Do you think Australia is a safe place to live? With more than double the global rate of sexual assaults, Australia is actually not so safe, especially for teenage girls.
A recent investigation found that, compared to the global rate of sexual assault of women, which is 7.2%, 16.4 % of Australian women have been sexually assaulted by a non-partner, which includes friends, strangers and members of their family. And those at most risk are girls aged 10-14.
Following on from our last article, How to Protect Your Children from Sexual Predators, we will now discuss the dangers teenagers face, and how a private detective can help keep your teen safe.
Before calling in a detective, there are several steps you can take to ensure your teenager’s safety. Some of these are best done in childhood, and include encouraging your children from a young age not to keep secrets from you, and letting them know that you trust them. Sometimes, this will carry into puberty, and hormones will not turn your child into a rebellious teenager.
If this is your case, then you probably don’t have to worry.
However, if you’re considering hiring a private detective, then that probably isn’t the kind of teenager you have got. Yours is the kind who keeps secrets, and who treats you like the evil headmaster – it’s their mission to get away with as much as possible, without you knowing. It’s the sad truth – hormones make everyone go crazy at this stage in our lives. If you have memories of yourself as a teenager and your teenage friends, you know this is the truth. Detective investigators come from all backgrounds, and sure, maybe one or two of us were straight-A highschool students, but most of us were normal, frustrating, secret-keeping, trouble-finding teenagers.
Of all the kinds of trouble a teenager can find, the worst is in fact not something they go looking for, like drugs and alcohol. This danger comes from the sexual predators, paedophiles and sex offenders who are out there, eager to advantage of teenagers. These are the hardest kind of danger to protect your kids from, because it is difficult to predict. When they get in with the wrong crowd, a savvy parent could predict that their kids might be experimenting with illegal substances. While this is not ideal, we have all been teenagers and we know it happens. Teenagers may also be experimenting with their sexuality, with other kids their age. Again, this might not seem ideal to a parent, but it is a natural part of growing up.
What is not natural is when a teenager is sexually assaulted by an adult or by anyone to whom they don’t give their consent.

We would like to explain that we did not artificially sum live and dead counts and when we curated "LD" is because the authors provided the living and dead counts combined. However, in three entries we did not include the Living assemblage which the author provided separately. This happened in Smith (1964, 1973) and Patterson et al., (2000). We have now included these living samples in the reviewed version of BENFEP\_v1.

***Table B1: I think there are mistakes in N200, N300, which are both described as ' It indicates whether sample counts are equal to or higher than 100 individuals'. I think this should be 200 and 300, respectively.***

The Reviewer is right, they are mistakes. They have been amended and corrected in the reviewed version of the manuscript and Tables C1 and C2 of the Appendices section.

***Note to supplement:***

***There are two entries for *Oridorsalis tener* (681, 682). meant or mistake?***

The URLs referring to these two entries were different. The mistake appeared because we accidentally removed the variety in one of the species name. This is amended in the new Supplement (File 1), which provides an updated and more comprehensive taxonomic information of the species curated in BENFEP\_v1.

While it’s no surprise to detectives, most people don’t realise just how regularly sexual assault happens. According to the Australian Bureau of Statistics:
- 1 in 5 women and 1 in 20 men have been sexually assaulted since they were 15.
Even more alarmingly:
- 1 in 3 girls and 1 in 6 boys are sexually abused before they turn 16.
Investigators know, and the statistics confirm, that the greatest proportion of people sexually assaulted are girls aged between 10 and 14. The next largest category are teenage girls and young women aged 15-24.
Yes – the younger the person, girls especially, the more chance they will be sexually abused.
One thing private detectives and investigators also know is that strangers are not actually the greatest risk. Time and again our detectives are called to investigate the indecent behaviour of a family member, an in-law or an ex-boyfriend of someone who our client suspects has been assaulted. The victims are not the ones most likely to call for help – it is those around them who have to take action. Most importantly, parents and other family members are best equipped to notice the signs of sexual assault, and think to consult a detective.
If you notice negative behavioural change shortly after your child or family member has started a new relationship, then it’s time to call a private investigator. We can let you know from the start whether your teenager has found their way into a dangerous relationship. The sooner you know, the better for all. Ideally, we can stop the assault before it happens, and provide evidence to police about an individual who is likely to commit assault.